1. System should have low labor requirements. Many producers have too many activities, pulling them in different directions and consuming precious time. Some producers have full-time or part-time jobs off the farm, leaving off-hours and weekends to accomplish chores. The time allocated to farming must be efficient. However, how the farm is laid out, travel distances, and built-in inefficiencies can make this difficult.
2. Facilities should provide an environment for animals that promote good animal health, rapid growth, and efficient utilization of feed. The environment, in a narrow sense, includes the air the animal breathes, the surface on which it stands, the number of its social group, the space provided to move, eat, and drink, and the means by which it is confined. Many health issues and diseases can be prevented or controlled by providing a proper environment and management. Practices that fall under this category would include rotational grazing, alternative water stations, feed and calving barns with bedding, and winter-feeding facilities.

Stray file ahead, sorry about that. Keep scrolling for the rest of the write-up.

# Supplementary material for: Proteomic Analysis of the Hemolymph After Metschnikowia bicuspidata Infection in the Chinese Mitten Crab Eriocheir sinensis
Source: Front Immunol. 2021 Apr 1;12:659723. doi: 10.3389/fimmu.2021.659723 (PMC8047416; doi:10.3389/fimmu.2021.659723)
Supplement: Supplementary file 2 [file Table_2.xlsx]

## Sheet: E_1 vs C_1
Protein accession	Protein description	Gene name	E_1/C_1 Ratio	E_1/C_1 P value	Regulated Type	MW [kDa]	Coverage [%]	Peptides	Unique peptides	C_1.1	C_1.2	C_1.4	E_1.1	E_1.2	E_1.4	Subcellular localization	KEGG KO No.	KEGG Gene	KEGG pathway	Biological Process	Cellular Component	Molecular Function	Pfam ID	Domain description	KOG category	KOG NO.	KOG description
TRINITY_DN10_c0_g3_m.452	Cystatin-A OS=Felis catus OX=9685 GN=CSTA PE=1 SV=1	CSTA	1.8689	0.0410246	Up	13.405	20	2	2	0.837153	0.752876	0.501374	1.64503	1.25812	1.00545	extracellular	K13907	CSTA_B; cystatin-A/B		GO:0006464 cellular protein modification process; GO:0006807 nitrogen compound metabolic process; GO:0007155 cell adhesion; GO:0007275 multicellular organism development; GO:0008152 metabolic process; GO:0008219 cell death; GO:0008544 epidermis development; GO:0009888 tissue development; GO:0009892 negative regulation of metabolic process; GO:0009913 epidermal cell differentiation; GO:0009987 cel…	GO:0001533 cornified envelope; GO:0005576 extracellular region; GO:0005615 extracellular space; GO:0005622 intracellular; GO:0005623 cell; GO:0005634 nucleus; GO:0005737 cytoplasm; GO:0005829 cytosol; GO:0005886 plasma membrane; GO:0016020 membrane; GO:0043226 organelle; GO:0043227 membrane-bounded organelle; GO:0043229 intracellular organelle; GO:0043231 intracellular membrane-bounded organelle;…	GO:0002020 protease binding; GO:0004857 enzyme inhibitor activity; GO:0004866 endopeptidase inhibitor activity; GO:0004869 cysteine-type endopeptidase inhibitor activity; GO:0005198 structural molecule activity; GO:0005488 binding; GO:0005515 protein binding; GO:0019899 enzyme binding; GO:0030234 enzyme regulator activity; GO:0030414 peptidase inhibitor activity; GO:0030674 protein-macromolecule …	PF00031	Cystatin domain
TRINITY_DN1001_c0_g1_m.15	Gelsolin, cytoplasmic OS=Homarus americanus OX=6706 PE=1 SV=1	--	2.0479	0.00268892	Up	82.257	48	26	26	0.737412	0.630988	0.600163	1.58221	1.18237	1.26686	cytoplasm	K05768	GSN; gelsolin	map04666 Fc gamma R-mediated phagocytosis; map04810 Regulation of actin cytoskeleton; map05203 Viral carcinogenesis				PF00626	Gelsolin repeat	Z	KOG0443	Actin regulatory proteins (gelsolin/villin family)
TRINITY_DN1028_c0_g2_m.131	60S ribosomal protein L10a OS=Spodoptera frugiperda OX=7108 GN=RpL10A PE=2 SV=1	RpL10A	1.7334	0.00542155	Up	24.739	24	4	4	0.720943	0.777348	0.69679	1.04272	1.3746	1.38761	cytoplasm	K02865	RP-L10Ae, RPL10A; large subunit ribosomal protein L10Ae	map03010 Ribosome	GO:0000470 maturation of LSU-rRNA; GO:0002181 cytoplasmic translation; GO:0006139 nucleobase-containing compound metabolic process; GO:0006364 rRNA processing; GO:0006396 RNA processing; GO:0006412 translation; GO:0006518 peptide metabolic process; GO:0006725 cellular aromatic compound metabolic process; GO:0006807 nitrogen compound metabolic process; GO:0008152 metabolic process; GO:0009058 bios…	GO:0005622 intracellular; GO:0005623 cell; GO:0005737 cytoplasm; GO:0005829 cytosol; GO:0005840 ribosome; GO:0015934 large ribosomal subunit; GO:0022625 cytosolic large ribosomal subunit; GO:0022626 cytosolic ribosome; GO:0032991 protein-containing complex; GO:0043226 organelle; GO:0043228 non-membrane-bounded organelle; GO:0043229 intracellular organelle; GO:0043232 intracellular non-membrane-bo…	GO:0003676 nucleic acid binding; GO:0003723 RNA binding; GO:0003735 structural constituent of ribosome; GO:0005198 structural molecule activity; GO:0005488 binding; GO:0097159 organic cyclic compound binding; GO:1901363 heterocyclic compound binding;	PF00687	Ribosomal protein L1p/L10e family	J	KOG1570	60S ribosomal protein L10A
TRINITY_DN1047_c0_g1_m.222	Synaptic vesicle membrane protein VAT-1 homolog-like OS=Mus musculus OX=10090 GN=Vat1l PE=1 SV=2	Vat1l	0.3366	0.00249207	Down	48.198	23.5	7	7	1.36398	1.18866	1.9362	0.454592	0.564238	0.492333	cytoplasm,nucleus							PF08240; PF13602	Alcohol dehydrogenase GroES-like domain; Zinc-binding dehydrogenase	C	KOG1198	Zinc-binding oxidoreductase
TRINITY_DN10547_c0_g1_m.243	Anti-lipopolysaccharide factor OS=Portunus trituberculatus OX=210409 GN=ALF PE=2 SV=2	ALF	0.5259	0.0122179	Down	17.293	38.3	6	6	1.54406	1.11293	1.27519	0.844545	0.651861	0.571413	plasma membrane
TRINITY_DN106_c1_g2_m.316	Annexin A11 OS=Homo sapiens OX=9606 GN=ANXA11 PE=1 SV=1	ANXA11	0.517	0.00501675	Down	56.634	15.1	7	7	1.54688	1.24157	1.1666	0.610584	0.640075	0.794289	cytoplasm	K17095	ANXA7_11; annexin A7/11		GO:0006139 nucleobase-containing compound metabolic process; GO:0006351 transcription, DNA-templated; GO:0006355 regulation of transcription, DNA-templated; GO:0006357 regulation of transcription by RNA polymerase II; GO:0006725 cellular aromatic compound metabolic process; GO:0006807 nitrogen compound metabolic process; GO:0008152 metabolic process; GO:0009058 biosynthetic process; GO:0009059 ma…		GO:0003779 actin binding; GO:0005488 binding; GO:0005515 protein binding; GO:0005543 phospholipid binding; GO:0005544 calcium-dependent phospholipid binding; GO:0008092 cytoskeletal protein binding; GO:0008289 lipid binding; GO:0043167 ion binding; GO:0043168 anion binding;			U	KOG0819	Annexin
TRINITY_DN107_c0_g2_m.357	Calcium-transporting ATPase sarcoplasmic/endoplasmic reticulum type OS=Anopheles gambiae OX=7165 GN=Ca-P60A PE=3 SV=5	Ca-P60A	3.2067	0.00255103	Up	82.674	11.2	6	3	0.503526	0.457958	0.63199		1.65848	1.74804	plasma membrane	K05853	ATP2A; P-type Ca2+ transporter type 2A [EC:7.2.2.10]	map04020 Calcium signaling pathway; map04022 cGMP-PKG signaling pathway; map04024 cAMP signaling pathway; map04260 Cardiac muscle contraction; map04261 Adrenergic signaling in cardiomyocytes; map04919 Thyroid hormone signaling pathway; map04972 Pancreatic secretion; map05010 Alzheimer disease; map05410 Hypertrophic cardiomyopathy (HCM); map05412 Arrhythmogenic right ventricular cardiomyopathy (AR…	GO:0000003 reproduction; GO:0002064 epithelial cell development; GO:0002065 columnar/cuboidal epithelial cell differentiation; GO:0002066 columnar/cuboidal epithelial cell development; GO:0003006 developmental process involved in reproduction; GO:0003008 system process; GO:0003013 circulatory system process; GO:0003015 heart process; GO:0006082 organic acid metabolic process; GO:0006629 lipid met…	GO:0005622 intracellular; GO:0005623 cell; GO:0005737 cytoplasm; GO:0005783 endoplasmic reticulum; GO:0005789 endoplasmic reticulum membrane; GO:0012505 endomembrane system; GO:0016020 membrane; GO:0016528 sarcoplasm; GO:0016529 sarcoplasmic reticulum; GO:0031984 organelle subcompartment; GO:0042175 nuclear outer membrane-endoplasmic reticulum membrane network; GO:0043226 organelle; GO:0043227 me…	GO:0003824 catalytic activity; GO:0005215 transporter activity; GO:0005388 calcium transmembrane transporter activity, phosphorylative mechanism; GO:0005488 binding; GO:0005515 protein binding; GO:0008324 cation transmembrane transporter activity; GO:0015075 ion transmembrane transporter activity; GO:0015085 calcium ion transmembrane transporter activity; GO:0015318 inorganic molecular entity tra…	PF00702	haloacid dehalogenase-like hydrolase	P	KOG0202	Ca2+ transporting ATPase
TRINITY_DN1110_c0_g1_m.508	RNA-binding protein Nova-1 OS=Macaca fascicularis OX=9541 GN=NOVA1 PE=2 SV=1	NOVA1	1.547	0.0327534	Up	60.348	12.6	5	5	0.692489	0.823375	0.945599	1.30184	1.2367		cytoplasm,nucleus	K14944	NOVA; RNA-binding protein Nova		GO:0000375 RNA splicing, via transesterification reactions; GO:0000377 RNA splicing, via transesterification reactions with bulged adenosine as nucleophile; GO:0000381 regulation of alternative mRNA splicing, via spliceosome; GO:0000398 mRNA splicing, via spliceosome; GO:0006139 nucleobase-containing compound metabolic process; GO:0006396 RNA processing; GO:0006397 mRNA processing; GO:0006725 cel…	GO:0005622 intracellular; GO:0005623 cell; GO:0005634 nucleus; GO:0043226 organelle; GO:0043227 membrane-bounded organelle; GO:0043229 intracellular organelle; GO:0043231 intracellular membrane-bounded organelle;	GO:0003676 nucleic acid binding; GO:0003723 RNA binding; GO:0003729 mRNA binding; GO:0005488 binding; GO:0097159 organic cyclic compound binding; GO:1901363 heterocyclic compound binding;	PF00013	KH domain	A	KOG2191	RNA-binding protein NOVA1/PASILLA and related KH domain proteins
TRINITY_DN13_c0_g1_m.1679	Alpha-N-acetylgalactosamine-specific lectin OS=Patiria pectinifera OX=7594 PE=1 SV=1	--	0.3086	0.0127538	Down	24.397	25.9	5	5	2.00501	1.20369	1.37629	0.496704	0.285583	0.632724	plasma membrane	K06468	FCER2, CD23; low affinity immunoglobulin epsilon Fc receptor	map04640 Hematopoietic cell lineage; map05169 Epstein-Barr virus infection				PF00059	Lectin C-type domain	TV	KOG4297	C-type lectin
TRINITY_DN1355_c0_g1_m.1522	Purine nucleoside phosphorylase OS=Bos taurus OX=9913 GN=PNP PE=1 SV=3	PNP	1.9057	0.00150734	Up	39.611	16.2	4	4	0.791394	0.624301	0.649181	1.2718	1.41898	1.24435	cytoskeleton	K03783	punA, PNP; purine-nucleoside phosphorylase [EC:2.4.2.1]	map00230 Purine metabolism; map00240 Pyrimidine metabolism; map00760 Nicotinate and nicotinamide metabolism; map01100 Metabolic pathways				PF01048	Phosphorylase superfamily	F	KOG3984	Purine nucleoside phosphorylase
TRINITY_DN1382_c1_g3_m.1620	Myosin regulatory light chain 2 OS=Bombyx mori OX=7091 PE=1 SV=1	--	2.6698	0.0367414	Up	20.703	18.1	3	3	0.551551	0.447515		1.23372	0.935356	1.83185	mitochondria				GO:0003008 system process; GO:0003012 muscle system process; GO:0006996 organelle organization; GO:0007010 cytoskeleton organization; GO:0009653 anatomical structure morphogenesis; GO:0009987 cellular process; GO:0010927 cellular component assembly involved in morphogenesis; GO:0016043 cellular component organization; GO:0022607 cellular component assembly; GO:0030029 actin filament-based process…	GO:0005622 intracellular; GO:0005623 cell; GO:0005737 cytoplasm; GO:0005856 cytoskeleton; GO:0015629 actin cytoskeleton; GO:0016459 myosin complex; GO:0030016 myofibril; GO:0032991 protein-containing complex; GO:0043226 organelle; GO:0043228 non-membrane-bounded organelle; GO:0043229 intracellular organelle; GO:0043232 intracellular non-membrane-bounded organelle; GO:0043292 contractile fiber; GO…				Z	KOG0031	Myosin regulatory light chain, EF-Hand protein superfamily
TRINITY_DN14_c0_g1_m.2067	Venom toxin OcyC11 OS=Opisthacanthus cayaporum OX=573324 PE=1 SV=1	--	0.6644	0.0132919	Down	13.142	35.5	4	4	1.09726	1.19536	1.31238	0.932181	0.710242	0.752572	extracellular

3. Capital cost should be kept low. A producer should try to work with what they already have. Reprogramming old structures for new purposes can reduce the cost of investment. It is important to evaluate the structural integrity of old structures prior to renovation. Developing shelters or safe winter calving areas can be profitable if severe weather conditions develop during a time when calving takes place. Losses that might occur in one season could have been used to pay for construction/renovation for good practices. We designed conservation or innovative systems for beef cattle by reprogramming the existing tobacco, dairy, sheep, and bull barns. At the same time, we recycled, repurposed, and reused materials to improve operations. Old cinder blocks, used tires, and hot blocks are just a few examples of the materials used to save money. In some cases, these materials were already on the farm. Selling a pile of scrapped wire fencing enabled us to free up an excellent building spot. The proceeds from our recycling were used to fund a large self-feeder.
4. The system should minimize the use of energy and other inputs. A producer should take advantage of free work or free energy. Gravity-fed rainwater harvesting systems have been installed to reduce city water costs. Solar power and wind turbines have been installed to reduce grid energy dependence. Centralized operations are in place to reduce fuel costs and travel time. The overall holistic management system reduces the use of inputs through a conservation system created between plants, animals, and soil.